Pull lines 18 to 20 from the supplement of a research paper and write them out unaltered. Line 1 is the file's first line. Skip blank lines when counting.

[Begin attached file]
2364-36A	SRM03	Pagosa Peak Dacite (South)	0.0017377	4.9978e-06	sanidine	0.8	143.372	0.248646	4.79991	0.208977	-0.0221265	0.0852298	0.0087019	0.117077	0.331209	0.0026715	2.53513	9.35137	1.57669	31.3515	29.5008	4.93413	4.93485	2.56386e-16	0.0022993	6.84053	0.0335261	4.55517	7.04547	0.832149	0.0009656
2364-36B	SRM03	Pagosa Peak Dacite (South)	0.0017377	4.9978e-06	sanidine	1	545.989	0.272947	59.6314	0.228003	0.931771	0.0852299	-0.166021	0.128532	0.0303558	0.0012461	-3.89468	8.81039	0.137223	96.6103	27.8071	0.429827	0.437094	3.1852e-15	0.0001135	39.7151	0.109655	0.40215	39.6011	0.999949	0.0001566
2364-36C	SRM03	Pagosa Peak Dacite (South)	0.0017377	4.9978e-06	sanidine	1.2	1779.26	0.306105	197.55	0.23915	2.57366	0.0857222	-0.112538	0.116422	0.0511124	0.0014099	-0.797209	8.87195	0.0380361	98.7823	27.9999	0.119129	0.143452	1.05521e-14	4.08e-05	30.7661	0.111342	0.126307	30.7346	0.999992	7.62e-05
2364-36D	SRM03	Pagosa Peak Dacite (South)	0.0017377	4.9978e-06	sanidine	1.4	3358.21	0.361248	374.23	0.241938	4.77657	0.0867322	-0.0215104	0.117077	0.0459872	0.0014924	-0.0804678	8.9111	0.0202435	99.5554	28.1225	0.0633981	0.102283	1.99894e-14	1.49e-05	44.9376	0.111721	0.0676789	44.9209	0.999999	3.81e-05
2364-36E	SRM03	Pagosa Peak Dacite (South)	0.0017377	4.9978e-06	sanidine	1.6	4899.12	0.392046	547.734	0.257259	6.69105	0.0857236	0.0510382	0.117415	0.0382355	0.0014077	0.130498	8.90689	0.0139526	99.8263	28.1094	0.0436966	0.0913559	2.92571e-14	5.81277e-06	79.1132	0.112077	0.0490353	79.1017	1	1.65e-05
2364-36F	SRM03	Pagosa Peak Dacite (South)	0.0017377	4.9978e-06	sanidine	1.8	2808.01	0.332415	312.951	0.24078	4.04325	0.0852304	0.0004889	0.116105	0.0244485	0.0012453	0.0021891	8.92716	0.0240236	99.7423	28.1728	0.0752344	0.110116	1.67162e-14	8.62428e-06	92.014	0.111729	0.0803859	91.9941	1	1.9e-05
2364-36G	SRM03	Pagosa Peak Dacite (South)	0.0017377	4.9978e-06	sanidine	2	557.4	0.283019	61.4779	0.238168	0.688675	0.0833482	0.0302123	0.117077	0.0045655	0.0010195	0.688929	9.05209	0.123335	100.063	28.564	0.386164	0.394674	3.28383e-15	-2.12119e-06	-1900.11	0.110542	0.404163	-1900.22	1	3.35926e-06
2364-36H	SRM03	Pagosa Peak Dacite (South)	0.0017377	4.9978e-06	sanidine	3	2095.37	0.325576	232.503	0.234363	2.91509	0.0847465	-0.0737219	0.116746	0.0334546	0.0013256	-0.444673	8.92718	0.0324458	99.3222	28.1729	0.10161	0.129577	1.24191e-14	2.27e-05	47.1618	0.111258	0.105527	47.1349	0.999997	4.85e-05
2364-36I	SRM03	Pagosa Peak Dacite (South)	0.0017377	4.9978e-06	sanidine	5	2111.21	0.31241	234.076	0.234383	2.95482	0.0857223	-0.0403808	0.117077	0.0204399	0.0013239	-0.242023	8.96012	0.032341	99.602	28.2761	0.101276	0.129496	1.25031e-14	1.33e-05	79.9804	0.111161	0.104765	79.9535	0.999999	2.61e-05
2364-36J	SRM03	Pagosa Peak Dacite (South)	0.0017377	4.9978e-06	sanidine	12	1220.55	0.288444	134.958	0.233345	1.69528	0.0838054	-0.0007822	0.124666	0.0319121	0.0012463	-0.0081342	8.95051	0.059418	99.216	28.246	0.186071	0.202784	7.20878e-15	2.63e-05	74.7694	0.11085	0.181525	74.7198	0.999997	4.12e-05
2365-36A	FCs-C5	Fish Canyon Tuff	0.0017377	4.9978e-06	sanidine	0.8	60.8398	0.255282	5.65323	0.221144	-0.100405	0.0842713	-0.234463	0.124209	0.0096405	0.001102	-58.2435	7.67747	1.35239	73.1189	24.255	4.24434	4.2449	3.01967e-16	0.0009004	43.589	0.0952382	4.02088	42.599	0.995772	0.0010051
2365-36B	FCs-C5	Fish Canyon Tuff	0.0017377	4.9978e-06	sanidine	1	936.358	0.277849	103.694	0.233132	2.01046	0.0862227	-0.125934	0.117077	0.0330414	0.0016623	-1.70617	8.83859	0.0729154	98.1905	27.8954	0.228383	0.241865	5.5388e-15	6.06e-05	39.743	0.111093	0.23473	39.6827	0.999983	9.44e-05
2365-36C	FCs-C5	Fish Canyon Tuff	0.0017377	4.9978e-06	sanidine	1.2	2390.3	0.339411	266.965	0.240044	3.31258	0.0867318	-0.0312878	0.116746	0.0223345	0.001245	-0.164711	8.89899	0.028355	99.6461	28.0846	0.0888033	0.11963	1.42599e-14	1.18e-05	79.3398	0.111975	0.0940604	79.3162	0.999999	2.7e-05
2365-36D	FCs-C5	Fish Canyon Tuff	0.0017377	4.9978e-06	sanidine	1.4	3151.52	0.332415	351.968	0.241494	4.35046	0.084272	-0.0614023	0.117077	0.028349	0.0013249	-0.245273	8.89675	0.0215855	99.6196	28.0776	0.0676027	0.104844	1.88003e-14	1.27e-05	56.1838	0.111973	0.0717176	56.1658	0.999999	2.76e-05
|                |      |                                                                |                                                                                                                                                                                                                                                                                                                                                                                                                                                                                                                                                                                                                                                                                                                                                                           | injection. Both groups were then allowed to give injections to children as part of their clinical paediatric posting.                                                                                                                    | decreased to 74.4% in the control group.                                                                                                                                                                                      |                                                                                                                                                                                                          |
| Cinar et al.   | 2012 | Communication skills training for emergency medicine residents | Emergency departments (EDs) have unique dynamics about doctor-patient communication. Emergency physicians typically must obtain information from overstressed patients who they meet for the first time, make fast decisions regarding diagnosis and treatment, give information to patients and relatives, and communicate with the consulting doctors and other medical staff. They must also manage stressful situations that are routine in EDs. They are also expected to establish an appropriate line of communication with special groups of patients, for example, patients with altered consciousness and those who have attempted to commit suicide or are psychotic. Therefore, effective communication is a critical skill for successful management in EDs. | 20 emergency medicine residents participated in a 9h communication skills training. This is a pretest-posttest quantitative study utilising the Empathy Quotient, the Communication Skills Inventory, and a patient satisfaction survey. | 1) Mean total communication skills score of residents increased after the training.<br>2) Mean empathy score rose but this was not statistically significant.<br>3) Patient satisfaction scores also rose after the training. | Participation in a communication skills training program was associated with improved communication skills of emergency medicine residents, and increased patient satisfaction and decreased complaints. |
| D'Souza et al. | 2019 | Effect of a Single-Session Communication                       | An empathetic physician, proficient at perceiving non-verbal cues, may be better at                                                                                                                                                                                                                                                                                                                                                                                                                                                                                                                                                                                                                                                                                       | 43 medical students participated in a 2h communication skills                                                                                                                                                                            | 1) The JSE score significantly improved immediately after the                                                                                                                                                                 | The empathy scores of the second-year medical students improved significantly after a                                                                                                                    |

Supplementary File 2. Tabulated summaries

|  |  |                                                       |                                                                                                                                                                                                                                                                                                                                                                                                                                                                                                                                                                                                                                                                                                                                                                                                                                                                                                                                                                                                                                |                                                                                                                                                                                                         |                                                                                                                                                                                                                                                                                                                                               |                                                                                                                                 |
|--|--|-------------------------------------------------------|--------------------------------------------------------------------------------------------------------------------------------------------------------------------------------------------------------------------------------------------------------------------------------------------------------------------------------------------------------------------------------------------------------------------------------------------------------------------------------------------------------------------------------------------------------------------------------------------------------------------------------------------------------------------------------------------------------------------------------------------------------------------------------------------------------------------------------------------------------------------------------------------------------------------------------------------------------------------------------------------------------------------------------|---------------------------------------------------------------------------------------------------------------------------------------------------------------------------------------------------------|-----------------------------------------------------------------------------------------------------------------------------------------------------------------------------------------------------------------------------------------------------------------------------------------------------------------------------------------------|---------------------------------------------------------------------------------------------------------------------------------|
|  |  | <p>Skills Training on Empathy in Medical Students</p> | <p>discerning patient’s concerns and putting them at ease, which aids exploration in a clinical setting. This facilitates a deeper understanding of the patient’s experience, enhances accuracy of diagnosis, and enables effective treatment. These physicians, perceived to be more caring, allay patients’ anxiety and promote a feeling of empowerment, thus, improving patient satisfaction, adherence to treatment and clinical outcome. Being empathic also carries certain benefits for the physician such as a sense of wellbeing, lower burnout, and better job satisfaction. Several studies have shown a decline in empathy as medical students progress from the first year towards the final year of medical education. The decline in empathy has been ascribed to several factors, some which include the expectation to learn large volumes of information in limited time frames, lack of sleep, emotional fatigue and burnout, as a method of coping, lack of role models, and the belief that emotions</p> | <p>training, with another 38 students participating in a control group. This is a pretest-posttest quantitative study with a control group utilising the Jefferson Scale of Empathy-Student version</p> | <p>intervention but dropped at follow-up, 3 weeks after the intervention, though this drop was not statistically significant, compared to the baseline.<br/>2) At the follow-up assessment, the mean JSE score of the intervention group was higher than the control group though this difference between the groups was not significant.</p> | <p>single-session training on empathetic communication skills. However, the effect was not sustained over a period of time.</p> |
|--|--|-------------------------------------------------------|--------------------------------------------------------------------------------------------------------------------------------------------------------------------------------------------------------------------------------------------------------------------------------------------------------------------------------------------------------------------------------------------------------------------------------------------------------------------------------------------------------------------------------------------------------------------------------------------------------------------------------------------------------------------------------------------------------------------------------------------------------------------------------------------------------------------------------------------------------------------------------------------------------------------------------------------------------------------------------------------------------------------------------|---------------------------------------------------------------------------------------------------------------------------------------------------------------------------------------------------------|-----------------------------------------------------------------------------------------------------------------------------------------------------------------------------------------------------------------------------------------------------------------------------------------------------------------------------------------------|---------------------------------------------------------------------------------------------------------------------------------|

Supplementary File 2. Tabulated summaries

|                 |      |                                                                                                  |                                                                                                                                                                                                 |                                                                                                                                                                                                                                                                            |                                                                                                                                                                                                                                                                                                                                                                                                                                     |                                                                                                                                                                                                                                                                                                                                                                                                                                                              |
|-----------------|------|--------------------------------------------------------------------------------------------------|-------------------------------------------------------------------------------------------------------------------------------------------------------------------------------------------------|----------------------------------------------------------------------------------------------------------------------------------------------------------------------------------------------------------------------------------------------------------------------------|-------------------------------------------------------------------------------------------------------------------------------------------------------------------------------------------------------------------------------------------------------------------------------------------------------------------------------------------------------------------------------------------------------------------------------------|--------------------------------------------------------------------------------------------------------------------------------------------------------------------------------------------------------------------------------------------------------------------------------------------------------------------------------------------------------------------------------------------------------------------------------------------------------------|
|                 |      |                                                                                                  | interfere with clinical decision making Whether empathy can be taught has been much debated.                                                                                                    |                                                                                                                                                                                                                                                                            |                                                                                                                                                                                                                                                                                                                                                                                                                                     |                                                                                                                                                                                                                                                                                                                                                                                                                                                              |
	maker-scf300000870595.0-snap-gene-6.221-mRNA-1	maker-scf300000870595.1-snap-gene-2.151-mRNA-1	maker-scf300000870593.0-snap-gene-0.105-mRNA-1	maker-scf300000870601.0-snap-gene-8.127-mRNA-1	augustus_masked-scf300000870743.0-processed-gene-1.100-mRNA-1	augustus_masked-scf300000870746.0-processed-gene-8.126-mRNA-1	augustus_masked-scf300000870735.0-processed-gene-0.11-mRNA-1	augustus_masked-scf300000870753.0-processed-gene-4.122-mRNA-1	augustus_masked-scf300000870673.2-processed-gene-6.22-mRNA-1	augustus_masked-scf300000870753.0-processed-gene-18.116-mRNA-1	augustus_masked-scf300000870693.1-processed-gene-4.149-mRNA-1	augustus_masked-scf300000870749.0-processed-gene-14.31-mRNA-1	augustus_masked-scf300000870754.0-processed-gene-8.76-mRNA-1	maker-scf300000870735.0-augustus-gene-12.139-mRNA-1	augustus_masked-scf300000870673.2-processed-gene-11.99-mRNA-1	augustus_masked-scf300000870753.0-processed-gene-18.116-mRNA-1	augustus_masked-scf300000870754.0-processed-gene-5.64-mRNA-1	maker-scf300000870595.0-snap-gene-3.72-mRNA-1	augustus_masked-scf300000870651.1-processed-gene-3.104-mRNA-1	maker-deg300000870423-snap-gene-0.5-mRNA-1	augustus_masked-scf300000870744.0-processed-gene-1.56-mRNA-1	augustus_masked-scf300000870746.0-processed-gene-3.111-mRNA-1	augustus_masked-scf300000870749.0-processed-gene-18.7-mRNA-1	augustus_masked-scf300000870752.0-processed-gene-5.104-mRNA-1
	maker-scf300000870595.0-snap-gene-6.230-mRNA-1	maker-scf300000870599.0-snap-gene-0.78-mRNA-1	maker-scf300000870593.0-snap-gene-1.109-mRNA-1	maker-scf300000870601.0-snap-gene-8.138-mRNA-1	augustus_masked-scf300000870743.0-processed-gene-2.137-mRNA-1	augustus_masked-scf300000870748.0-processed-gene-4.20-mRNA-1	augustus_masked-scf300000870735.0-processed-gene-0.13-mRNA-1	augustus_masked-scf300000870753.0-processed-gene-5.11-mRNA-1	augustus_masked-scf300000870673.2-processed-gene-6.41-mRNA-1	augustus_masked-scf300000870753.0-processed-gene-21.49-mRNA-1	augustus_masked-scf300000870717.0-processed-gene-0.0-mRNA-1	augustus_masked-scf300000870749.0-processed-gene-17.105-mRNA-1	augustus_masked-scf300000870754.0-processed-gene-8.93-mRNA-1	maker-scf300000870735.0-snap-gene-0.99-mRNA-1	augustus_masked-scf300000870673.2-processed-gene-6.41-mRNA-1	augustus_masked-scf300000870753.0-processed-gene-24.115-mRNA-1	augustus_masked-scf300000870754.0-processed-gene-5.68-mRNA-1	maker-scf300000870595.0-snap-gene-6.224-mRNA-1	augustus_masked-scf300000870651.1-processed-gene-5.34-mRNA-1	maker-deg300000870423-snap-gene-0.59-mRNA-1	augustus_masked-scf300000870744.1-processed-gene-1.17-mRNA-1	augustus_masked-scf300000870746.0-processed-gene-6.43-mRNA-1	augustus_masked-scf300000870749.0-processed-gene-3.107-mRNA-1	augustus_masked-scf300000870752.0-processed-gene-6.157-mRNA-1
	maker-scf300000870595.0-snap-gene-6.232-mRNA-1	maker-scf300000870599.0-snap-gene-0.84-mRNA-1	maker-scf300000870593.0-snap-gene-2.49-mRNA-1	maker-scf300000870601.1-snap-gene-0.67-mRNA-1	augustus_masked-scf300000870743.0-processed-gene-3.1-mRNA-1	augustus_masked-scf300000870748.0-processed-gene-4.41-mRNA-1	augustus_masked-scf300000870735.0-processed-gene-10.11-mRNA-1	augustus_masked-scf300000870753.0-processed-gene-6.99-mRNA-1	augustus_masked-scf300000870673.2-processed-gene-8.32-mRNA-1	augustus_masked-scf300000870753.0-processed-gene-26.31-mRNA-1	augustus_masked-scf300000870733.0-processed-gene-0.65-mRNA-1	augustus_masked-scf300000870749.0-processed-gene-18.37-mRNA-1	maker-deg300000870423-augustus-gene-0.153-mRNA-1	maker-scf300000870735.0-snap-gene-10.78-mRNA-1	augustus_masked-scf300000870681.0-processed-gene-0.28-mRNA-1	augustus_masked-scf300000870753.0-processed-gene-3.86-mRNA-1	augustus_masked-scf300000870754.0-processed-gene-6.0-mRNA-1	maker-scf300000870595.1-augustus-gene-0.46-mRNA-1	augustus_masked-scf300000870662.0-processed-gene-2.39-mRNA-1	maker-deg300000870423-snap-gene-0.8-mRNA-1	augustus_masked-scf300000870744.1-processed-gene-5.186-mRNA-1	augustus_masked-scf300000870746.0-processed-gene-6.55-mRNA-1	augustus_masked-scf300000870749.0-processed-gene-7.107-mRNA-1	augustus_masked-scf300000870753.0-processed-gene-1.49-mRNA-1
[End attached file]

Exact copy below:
Supplementary File 2. Tabulated summaries

|  |  |                                                       |                                                                                                                                                                                                                                                                                                                                                                                                                                                                                                                                                                                                                                                                                                                                                                                                                                                                                                                                                                                                                                |                                                                                                                                                                                                         |                                                                                                                                                                                                                                                                                                                                               |                                                                                                                                 |
|--|--|-------------------------------------------------------|--------------------------------------------------------------------------------------------------------------------------------------------------------------------------------------------------------------------------------------------------------------------------------------------------------------------------------------------------------------------------------------------------------------------------------------------------------------------------------------------------------------------------------------------------------------------------------------------------------------------------------------------------------------------------------------------------------------------------------------------------------------------------------------------------------------------------------------------------------------------------------------------------------------------------------------------------------------------------------------------------------------------------------|---------------------------------------------------------------------------------------------------------------------------------------------------------------------------------------------------------|-----------------------------------------------------------------------------------------------------------------------------------------------------------------------------------------------------------------------------------------------------------------------------------------------------------------------------------------------|---------------------------------------------------------------------------------------------------------------------------------|